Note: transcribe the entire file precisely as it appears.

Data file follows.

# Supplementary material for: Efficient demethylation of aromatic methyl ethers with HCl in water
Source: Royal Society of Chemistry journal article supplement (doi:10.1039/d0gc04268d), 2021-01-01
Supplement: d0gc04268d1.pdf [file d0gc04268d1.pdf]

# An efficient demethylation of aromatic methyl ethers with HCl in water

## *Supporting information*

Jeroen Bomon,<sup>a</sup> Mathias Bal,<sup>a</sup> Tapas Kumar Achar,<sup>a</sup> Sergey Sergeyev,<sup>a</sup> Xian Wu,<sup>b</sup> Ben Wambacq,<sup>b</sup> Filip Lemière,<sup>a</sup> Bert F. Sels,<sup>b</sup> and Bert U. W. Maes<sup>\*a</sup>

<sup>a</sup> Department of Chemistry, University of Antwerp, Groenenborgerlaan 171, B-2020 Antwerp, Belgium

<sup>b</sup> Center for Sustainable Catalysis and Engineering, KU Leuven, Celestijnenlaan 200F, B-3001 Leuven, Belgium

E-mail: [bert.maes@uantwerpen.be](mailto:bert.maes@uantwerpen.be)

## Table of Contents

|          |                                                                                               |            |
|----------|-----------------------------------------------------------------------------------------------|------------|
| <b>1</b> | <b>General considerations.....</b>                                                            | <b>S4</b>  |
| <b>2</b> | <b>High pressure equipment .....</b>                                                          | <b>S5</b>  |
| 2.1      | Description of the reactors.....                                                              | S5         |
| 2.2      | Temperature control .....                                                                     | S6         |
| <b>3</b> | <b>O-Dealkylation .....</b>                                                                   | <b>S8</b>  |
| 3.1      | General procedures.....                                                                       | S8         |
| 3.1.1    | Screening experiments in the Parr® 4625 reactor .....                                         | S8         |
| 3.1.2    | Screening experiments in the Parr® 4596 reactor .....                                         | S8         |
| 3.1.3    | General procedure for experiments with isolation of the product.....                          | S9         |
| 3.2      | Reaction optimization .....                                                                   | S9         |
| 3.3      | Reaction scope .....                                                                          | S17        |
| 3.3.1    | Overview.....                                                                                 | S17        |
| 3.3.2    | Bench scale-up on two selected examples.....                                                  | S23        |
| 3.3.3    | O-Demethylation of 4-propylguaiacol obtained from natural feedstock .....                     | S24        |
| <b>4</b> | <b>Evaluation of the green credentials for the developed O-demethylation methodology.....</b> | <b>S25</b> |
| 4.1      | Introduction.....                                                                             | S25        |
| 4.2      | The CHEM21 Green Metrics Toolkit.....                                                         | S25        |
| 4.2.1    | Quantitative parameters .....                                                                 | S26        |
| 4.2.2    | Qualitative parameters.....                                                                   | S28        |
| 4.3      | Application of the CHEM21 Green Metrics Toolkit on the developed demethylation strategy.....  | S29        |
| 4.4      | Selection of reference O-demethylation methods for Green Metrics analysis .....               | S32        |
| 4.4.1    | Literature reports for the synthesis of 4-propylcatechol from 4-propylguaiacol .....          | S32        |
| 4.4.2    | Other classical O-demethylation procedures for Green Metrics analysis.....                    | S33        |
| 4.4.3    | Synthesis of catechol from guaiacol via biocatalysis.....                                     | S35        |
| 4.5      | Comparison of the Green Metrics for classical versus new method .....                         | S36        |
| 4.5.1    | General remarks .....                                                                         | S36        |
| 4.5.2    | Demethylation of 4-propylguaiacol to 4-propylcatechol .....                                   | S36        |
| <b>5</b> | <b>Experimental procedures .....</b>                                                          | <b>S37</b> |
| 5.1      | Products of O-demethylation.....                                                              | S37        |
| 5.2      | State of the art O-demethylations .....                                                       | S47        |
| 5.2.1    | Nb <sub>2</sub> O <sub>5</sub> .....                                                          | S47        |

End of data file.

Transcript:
# Supplementary material for: Efficient demethylation of aromatic methyl ethers with HCl in water
Source: Royal Society of Chemistry journal article supplement (doi:10.1039/d0gc04268d), 2021-01-01
Supplement: d0gc04268d1.pdf [file d0gc04268d1.pdf]

# An efficient demethylation of aromatic methyl ethers with HCl in water

## *Supporting information*

Jeroen Bomon,<sup>a</sup> Mathias Bal,<sup>a</sup> Tapas Kumar Achar,<sup>a</sup> Sergey Sergeyev,<sup>a</sup> Xian Wu,<sup>b</sup> Ben Wambacq,<sup>b</sup> Filip Lemière,<sup>a</sup> Bert F. Sels,<sup>b</sup> and Bert U. W. Maes<sup>\*a</sup>

<sup>a</sup> Department of Chemistry, University of Antwerp, Groenenborgerlaan 171, B-2020 Antwerp, Belgium

<sup>b</sup> Center for Sustainable Catalysis and Engineering, KU Leuven, Celestijnenlaan 200F, B-3001 Leuven, Belgium

E-mail: [bert.maes@uantwerpen.be](mailto:bert.maes@uantwerpen.be)

## Table of Contents

|          |                                                                                               |            |
|----------|-----------------------------------------------------------------------------------------------|------------|
| <b>1</b> | <b>General considerations.....</b>                                                            | <b>S4</b>  |
| <b>2</b> | <b>High pressure equipment .....</b>                                                          | <b>S5</b>  |
| 2.1      | Description of the reactors.....                                                              | S5         |
| 2.2      | Temperature control .....                                                                     | S6         |
| <b>3</b> | <b>O-Dealkylation .....</b>                                                                   | <b>S8</b>  |
| 3.1      | General procedures.....                                                                       | S8         |
| 3.1.1    | Screening experiments in the Parr® 4625 reactor .....                                         | S8         |
| 3.1.2    | Screening experiments in the Parr® 4596 reactor .....                                         | S8         |
| 3.1.3    | General procedure for experiments with isolation of the product.....                          | S9         |
| 3.2      | Reaction optimization .....                                                                   | S9         |
| 3.3      | Reaction scope .....                                                                          | S17        |
| 3.3.1    | Overview.....                                                                                 | S17        |
| 3.3.2    | Bench scale-up on two selected examples.....                                                  | S23        |
| 3.3.3    | O-Demethylation of 4-propylguaiacol obtained from natural feedstock .....                     | S24        |
| <b>4</b> | <b>Evaluation of the green credentials for the developed O-demethylation methodology.....</b> | <b>S25</b> |
| 4.1      | Introduction.....                                                                             | S25        |
| 4.2      | The CHEM21 Green Metrics Toolkit.....                                                         | S25        |
| 4.2.1    | Quantitative parameters .....                                                                 | S26        |
| 4.2.2    | Qualitative parameters.....                                                                   | S28        |
| 4.3      | Application of the CHEM21 Green Metrics Toolkit on the developed demethylation strategy.....  | S29        |
| 4.4      | Selection of reference O-demethylation methods for Green Metrics analysis .....               | S32        |
| 4.4.1    | Literature reports for the synthesis of 4-propylcatechol from 4-propylguaiacol .....          | S32        |
| 4.4.2    | Other classical O-demethylation procedures for Green Metrics analysis.....                    | S33        |
| 4.4.3    | Synthesis of catechol from guaiacol via biocatalysis.....                                     | S35        |
| 4.5      | Comparison of the Green Metrics for classical versus new method .....                         | S36        |
| 4.5.1    | General remarks .....                                                                         | S36        |
| 4.5.2    | Demethylation of 4-propylguaiacol to 4-propylcatechol .....                                   | S36        |
| <b>5</b> | <b>Experimental procedures .....</b>                                                          | <b>S37</b> |
| 5.1      | Products of O-demethylation.....                                                              | S37        |
| 5.2      | State of the art O-demethylations .....                                                       | S47        |
| 5.2.1    | Nb <sub>2</sub> O <sub>5</sub> .....                                                          | S47        |